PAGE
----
Doctor Valdez smiled and tapped her hand on his upper arm a few times.  “Good work, so far, Leo.  But let’s not rush it.   Give your eyes and your mind a break.  We’re all fairly new to this particular set of artifacts.  No one in this group is going to steal credit if you’ve discover something big—or even medium, or small.”

“Oh…”  Leo blinked.  The thought had not occurred to him.


In the days to come, Doctor Valdez would assign other members of her team to review Leo’s scans, and dig deeper into the myth and folklore of the serpent household god.

They found corroborating evidence for the new details that Leo dreamt about, or thought he dreamt about.  He still could not be sure that his unconscious mind wasn’t dredging up knowledge he had already gained, and thereby doing what his conscious mind was doing in his waking study of the artifact.

A few days later, when next he had lunch with his sister at the university commons, she was surprised to find him sobered.

“I thought you’d be jumping up and down and bouncing off the walls when I got here,” Marcella said.  He’d been continually reporting on the recent developments—what Marcella insisted on calling his “breakthrough.”

“I keep having dreams,” he said.  “Almost every night and morning.  And in one of them, I learned that language just by looking at it.  It was designed that way, an early attempt at a universal language, one that seemed to work, but then was lost.  When I went to the lab that day, my heart was pounding.  I thought, what if I go in and look at the artifact and I can read that language?  But what if no one else can read it?  What if no one else even recognizes it as a language?”

Marcella frowned in confusion.  “Why would that happen if it was meant to be a universal language?”

Leo sighed and shook his head.  They were sitting at their favorite table, under that tree, and he watched the shadows flicker across the table in patterns his mind could not predict or fathom.  “I love knowing things.  But knowing something that no one else knows…it’s…”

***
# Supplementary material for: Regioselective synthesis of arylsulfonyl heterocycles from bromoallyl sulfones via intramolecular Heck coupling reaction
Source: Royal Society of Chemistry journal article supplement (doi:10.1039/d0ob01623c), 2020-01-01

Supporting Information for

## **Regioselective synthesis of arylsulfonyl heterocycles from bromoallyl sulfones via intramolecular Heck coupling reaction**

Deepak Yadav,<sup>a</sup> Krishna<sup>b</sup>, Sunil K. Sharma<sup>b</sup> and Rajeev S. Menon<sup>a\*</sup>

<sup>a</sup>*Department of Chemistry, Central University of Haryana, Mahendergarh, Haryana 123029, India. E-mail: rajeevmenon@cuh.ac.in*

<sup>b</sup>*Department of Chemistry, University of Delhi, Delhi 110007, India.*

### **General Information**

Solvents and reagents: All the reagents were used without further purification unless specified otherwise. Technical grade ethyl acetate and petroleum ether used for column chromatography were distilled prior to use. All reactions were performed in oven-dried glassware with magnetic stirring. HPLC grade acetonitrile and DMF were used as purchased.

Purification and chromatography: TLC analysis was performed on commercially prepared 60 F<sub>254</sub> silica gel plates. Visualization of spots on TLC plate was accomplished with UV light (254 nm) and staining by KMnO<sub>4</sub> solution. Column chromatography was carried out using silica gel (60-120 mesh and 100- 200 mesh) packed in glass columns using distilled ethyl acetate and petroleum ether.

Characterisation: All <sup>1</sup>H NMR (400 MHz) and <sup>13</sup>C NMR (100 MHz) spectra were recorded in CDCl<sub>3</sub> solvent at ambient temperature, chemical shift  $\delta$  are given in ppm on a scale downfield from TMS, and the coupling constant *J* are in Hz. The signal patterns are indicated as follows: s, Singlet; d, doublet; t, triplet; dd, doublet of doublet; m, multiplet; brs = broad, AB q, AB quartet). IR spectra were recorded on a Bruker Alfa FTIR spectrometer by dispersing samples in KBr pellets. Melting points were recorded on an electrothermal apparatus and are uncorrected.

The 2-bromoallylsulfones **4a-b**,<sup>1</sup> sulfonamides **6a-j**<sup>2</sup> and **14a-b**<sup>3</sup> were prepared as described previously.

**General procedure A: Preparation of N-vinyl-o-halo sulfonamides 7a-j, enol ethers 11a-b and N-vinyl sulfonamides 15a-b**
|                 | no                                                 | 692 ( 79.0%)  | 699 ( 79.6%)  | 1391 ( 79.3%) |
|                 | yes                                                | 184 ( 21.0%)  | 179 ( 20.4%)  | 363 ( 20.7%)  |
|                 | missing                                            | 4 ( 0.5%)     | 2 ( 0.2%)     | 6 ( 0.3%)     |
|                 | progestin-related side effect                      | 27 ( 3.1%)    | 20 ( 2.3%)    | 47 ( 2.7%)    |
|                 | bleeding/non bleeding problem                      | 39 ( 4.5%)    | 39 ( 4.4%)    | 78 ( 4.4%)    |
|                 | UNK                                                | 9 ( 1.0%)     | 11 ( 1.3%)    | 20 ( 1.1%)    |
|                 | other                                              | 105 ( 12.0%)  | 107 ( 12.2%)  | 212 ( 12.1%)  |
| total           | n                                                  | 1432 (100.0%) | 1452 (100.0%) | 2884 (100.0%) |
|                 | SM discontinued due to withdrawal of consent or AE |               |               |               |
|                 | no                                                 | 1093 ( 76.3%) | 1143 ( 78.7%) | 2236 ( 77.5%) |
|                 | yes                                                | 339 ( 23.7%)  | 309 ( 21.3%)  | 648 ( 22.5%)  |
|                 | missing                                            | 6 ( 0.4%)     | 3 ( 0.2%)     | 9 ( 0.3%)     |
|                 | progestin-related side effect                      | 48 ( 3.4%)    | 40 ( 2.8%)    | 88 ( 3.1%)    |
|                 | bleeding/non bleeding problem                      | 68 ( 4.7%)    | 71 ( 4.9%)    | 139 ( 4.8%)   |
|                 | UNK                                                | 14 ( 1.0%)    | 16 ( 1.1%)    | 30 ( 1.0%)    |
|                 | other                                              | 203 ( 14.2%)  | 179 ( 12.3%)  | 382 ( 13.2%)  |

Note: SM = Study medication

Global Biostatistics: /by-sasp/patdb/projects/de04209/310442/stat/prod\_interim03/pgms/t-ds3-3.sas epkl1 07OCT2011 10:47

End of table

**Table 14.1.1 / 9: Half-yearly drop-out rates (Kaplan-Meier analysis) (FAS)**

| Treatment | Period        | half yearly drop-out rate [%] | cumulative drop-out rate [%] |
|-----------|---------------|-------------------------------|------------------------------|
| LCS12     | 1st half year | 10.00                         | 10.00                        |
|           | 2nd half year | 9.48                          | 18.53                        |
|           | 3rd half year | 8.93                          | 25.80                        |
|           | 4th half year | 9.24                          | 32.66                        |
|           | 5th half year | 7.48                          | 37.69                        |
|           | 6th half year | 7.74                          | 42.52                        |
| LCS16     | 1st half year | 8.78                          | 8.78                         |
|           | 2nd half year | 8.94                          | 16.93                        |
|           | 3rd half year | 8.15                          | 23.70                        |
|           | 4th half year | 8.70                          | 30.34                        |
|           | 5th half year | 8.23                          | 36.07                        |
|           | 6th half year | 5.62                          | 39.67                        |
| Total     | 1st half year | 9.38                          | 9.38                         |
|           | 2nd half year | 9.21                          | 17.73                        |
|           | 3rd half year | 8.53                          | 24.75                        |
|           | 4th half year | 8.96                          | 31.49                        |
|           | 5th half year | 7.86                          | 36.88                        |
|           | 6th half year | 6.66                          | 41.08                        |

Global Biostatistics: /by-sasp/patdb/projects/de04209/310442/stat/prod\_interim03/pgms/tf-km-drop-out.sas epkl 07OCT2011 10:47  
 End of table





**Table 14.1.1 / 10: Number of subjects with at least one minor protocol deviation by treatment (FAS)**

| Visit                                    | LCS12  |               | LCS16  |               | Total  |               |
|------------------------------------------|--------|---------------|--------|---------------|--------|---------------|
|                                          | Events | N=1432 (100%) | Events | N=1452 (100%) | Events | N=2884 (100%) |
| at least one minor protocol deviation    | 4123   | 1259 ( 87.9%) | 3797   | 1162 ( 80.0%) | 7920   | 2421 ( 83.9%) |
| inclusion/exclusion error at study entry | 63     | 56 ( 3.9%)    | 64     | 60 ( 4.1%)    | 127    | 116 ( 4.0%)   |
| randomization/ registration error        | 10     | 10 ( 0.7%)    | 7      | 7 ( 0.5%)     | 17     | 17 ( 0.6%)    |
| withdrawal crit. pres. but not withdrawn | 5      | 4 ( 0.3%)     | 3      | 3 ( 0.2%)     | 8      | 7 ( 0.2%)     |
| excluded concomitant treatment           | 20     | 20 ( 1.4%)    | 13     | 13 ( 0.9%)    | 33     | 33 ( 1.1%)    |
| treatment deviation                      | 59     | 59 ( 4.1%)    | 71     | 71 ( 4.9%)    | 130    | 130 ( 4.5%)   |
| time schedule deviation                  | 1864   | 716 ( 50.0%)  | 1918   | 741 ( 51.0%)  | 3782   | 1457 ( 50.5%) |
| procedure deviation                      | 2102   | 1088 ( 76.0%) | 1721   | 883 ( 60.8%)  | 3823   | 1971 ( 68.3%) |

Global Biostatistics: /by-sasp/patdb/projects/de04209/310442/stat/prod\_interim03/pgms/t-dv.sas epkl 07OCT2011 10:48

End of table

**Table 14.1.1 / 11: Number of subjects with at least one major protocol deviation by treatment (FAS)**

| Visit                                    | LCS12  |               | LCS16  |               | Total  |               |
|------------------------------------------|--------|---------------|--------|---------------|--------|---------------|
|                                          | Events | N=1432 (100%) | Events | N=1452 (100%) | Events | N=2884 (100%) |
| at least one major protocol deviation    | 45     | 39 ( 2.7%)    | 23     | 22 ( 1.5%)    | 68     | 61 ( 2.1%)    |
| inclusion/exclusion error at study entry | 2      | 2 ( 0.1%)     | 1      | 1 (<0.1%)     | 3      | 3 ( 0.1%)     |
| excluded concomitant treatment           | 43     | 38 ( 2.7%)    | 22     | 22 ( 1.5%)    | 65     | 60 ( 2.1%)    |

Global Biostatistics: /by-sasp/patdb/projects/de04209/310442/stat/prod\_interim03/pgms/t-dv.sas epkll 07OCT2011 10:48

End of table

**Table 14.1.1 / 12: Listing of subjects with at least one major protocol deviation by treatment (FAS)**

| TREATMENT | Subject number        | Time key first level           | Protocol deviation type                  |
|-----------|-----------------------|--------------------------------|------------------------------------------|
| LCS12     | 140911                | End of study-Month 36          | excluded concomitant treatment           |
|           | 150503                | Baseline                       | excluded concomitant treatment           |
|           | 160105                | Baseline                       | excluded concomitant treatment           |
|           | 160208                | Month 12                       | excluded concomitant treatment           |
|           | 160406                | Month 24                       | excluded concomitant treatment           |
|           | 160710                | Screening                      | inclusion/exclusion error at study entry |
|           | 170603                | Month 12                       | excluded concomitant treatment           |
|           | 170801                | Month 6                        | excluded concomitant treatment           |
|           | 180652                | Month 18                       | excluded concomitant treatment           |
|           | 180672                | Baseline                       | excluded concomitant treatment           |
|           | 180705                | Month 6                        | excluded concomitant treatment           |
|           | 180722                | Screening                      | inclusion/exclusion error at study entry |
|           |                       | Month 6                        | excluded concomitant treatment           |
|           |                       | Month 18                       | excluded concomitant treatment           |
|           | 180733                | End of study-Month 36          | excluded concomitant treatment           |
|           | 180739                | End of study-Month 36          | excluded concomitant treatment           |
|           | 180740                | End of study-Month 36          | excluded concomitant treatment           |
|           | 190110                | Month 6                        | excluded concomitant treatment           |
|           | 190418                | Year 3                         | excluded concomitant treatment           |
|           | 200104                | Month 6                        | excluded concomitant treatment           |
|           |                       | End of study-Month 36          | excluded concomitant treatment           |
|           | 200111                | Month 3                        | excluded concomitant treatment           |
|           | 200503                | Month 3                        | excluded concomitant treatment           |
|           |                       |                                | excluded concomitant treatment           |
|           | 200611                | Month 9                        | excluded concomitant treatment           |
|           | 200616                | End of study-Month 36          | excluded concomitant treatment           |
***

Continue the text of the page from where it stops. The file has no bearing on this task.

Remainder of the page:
“Because you don’t know if what you know is real?”

Leo nodded.

“So…what happened when you got to the lab?”

Leo looked at her and twisted his mouth in a crooked smile.  “I saw only scratches.”

“So where do you go from here?  Are you planning on going back to your boring research of myths?”

Leo wadded a napkin and threw it at her face.  Marcella failed to bat the napkin away before it left greasy streaks on her glasses.

“Since you mention it, I plan on making sure I don’t do what that demon did, and steal knowledge.  And don’t do what the snake did and swallow more than I can handle.”

“So you’re the succulent in the story.” Marcella nodded her head from side to side.  “That checks out.  You do get thorny sometimes.  Just don’t suck up any demon blood.”

“Noted.  And I won’t do that part.”  Leo wadded up another napkin.  “I plan on receiving the knowledge that’s revealed to me, making sure I understand it as best I can, and then passing it on.” 

He waited for his sister to proclaim his plan to be “boring.”

But Marcella didn’t say anything.  She smiled in that way she’d done before she told him she was proud of him.

Before she could speak—if she planned on speaking—Leo pulled his lips into what he hoped was a mischievous grin, and said, “You know, I’ve uncovered some more fascinating details about the myth of the snake and succulent…”

Copyright © 2023  Nila L. Patel